Essays and Criticism

The Contrast Between Deerslayer and Hurry Harry

Visitors in the early 2000s to the crowded Lake Otsego area, one of New York’s popular tourist destinations, need an effort of the imagination to recreate for themselves Cooper’s vision of the Glimmerglass, the pristine lake at the heart of the virgin wilderness where he set his final (although first in chronology) Leatherstocking Tale. As Cooper noted in his 1850 preface to The Deerslayer, it was not until 1760 that the first settlements appeared on the banks of Lake Otsego, so setting the story twenty years earlier than that gave him a sound basis for what in effect is a story about the origins of a nation, the choices it faces, the direction it is to take.

Many commentators remark on the symbolism of the Glimmerglass itself, the descriptions of which suggest a setting that is in some sense beyond time or change; it represents the eternity from which all temporal life emerges. The following description, which occurs as Deerslayer steers the ark, under the watchful, hostile eyes of the Hurons, to the rock where he is to meet Chingachgook, is typical:

It was a glorious June afternoon, and never did that solitary sheet of water seem less like an arena of strife and bloodshed. The light air scarce descended as low as the bed of the lake, hovering over it, as if unwilling to disturb its deep tranquility, or to ruffle its mirror-like surface. Even the forests appeared to be slumbering in the sun, and a few piles of fleecy clouds had lain for hours along the northern horizon, like fixtures in the atmosphere.

Everything here, from the tranquil water to the slumbering forests and the stationary clouds, contributes to the feeling of time arrested or not yet born. Yet in the midst of this lake, which is serenity and beauty, is already the presence of something else, some intrusion on pristine nature: the Muskrat Castle of Thomas Hutter. Tom’s castle is a human dwelling rising up from the placid waters of the lake a full quarter of a mile from the nearest shore. So here are two aspects of life juxtaposed: nature untouched and nature already feeling the imprint of the human hand. Muskrat Castle is constructed as a fortress, much stronger and more formidable than the average log cabin of the era; it immediately suggests that now, the human world of opposing and competing values, of good and evil, with all its accompanying dangers, has arrived and taken up residence on the serene, undifferentiated surface of the lake. Indeed, the outer appearance of Muskrat Castle, because it is made up of logs of different sizes, is described as “rude and uneven”; it is as if the balance of nature has been upset.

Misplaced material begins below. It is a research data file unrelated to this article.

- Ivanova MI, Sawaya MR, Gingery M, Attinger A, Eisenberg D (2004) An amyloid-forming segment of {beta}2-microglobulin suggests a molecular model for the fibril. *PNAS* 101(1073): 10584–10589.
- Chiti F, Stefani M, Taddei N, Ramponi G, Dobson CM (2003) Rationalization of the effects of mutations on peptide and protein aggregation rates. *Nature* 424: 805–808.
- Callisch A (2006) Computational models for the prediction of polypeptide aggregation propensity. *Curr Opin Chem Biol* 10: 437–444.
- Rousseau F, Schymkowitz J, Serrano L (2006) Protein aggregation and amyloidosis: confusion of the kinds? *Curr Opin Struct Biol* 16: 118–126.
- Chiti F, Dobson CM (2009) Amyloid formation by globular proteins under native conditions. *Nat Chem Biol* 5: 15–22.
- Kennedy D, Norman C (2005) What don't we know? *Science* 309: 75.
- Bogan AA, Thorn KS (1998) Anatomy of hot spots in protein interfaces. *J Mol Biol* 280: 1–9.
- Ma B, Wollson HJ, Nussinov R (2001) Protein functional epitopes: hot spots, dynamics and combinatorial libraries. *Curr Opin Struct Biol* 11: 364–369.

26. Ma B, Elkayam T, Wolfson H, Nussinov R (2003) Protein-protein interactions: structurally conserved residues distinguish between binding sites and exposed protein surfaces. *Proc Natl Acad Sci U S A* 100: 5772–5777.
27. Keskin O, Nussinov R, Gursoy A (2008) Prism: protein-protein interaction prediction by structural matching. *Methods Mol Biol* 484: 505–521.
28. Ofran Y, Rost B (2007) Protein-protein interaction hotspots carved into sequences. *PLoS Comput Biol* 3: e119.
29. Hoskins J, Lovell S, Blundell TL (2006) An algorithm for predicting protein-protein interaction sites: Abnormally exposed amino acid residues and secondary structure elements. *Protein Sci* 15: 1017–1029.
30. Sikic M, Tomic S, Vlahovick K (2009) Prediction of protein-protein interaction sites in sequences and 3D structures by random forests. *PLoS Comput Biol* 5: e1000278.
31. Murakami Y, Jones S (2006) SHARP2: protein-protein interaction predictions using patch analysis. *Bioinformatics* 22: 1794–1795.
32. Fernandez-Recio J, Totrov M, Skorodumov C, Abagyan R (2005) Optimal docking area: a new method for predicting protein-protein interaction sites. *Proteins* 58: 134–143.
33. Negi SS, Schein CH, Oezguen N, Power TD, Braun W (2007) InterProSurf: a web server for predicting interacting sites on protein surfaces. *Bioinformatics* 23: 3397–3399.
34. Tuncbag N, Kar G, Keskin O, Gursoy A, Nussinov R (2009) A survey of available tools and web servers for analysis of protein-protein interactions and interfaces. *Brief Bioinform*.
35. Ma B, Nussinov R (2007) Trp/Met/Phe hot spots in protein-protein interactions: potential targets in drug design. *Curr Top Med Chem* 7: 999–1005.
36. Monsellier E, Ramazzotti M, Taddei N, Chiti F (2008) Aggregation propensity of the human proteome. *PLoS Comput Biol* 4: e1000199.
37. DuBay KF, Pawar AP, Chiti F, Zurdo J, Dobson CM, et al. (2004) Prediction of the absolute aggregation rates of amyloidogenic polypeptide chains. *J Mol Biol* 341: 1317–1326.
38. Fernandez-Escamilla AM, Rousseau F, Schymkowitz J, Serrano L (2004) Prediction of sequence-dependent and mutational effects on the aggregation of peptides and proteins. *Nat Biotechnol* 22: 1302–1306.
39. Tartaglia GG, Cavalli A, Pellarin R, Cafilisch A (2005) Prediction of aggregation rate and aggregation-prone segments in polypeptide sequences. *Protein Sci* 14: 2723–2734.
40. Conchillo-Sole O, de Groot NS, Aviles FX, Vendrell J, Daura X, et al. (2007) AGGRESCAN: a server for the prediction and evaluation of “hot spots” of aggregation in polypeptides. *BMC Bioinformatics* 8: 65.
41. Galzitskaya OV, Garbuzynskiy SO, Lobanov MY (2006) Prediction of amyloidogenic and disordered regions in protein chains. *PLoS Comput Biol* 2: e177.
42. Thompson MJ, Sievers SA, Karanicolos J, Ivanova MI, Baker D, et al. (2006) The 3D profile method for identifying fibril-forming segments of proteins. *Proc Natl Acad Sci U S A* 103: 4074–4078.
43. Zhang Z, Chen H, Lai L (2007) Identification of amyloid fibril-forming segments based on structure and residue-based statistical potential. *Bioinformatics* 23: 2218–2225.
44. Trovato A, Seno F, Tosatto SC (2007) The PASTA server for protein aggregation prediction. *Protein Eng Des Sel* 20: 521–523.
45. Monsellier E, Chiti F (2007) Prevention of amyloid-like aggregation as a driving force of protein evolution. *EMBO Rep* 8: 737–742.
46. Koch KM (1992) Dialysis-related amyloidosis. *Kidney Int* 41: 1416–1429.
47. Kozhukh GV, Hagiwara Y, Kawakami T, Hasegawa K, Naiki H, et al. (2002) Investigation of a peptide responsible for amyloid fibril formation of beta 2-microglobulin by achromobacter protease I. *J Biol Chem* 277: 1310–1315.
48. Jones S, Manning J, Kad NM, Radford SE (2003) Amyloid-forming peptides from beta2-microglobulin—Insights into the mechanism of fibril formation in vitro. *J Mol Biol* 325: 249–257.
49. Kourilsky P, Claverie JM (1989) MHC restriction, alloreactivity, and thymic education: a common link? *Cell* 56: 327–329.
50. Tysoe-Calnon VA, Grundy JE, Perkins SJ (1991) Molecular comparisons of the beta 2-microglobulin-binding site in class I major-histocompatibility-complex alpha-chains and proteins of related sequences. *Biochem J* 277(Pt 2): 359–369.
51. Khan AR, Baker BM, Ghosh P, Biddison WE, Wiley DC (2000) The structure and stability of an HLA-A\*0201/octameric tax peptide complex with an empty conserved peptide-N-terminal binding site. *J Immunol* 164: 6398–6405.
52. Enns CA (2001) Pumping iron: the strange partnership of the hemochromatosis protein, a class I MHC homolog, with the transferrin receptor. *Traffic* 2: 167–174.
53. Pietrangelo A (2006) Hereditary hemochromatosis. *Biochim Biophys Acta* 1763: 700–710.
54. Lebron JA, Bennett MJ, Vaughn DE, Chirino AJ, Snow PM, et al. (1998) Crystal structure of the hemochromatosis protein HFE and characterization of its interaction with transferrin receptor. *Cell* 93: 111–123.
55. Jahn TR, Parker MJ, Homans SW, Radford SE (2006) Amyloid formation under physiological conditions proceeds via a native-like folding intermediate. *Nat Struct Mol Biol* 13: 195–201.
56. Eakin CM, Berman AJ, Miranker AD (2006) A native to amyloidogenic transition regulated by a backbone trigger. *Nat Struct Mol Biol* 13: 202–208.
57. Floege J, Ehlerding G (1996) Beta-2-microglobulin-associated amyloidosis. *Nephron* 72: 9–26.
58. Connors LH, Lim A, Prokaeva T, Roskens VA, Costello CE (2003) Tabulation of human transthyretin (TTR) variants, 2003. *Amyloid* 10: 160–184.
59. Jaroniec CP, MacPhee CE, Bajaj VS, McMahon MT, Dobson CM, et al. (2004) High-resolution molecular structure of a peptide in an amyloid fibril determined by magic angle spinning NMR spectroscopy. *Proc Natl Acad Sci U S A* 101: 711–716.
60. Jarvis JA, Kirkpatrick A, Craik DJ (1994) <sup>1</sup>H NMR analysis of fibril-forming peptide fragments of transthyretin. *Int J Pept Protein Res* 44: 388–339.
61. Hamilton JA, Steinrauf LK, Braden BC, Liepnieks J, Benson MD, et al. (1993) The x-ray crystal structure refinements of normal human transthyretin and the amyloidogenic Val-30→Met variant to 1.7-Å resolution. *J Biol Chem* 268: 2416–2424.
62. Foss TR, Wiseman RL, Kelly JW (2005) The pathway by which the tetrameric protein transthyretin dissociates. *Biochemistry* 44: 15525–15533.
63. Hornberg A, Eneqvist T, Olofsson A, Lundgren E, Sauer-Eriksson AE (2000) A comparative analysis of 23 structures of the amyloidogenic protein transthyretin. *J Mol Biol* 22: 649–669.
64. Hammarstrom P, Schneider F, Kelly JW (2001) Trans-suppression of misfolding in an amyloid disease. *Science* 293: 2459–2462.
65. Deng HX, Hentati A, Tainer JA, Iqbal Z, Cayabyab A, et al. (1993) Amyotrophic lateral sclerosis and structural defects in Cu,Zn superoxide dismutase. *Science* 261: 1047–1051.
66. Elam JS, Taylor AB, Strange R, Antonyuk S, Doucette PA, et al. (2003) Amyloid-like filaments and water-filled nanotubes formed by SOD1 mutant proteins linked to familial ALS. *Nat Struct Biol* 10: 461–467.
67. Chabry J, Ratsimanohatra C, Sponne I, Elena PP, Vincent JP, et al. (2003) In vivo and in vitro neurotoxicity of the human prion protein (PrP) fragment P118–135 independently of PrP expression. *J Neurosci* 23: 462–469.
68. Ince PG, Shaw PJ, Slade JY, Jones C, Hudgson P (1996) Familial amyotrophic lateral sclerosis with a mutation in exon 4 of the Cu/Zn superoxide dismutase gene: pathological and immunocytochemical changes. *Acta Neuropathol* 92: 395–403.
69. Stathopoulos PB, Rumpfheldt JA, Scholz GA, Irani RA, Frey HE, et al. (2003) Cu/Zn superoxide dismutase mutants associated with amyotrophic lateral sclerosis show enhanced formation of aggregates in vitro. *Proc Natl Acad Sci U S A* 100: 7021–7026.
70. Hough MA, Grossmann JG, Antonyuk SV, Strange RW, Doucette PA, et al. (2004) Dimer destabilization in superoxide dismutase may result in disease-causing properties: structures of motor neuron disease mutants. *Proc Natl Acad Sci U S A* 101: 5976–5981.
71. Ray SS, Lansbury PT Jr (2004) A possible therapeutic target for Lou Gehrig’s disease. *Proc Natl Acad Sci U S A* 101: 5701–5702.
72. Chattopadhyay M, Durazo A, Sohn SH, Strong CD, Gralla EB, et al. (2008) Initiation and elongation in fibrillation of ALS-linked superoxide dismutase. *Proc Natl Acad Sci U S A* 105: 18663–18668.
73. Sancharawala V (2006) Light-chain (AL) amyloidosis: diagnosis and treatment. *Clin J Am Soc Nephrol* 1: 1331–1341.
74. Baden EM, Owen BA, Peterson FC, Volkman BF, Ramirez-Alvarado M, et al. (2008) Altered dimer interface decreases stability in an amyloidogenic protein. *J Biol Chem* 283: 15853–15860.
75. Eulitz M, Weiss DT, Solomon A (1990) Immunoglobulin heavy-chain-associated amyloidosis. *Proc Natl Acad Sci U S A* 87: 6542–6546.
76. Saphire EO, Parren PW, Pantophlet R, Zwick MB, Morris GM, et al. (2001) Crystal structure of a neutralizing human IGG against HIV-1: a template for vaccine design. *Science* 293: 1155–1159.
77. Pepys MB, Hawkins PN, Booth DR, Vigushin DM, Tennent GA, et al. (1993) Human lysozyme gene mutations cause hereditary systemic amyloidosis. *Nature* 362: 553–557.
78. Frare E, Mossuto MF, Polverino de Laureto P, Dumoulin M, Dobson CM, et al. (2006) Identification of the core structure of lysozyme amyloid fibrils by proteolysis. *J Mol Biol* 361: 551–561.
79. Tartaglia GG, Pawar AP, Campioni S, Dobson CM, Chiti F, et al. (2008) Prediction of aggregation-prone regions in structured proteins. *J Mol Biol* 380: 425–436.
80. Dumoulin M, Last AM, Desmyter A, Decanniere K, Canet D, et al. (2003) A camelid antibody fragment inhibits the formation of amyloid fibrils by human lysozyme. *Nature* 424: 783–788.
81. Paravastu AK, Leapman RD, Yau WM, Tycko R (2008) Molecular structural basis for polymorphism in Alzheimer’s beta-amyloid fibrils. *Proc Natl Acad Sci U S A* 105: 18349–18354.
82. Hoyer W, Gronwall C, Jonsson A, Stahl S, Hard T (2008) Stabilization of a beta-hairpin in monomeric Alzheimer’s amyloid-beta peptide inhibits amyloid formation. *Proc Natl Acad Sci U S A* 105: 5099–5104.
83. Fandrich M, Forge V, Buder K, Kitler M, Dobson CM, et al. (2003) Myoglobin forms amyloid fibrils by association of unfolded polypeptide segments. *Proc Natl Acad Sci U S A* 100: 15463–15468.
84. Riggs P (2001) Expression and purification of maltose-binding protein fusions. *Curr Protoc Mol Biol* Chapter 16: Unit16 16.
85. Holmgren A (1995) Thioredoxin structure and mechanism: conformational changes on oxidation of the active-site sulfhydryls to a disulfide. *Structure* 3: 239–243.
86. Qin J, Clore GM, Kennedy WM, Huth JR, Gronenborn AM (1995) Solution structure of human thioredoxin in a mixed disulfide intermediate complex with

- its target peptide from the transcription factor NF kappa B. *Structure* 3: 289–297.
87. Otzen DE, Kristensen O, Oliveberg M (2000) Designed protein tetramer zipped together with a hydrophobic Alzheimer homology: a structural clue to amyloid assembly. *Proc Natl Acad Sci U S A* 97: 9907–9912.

When the reader gets to know Tom Hutter, it becomes clear how much disruption has been introduced into the natural order. Tom is an old rogue, a former buccaneer rumored to have associated with the notorious pirate Captain Kidd. He fled to the wilderness to escape the reach of the authorities and to cheat the hangman’s noose. Lake Glimmerglass’s first human guest is no Adam in a Garden of Eden. Although he treats his daughters well, Tom Hutter is a quarrelsome man whose previous dwellings were burned down on three occasions either by other hunters or Indians. Hutter reveals his character early in the story, with his bloodthirsty plan to scalp Indian women and children merely to collect the bounty offered by the colony. This is an example of humanity motivated by greed and material values to the exclusion of all decent feelings. As he puts it, “If there’s women, there’s children, and big and little have scalps; the Colony pays for all alike.”

In this base desire to kill the innocent for monetary reward, Hutter is joined by Harry March, known for good reason as Hurry Harry. If there are two types of men who now wander in the formerly pristine wilderness, they are ably represented by Hurry, on the one hand, and Deerslayer, on the other. It is in the struggle between what these two represent that the soul of the emerging nation lies. The contrast between them is clearly and very deliberately laid out in the first three chapters. A clue lies in the first passage alluding to the two men, as they call out to each other in the woods: “The calls were in different tones, evidently proceeding from two men who had lost their way, and were searching in different directions for their path.”

Different directions, indeed. As they talk with each other, Deerslayer declares it...

(The entire section is 1828 words.)

Social Hierarchy

The Deerslayer: Cooper’s Tragedy of Manners
Beginning with D. H. Lawrence’s Studies in Classic American...

(The entire section is 4156 words.)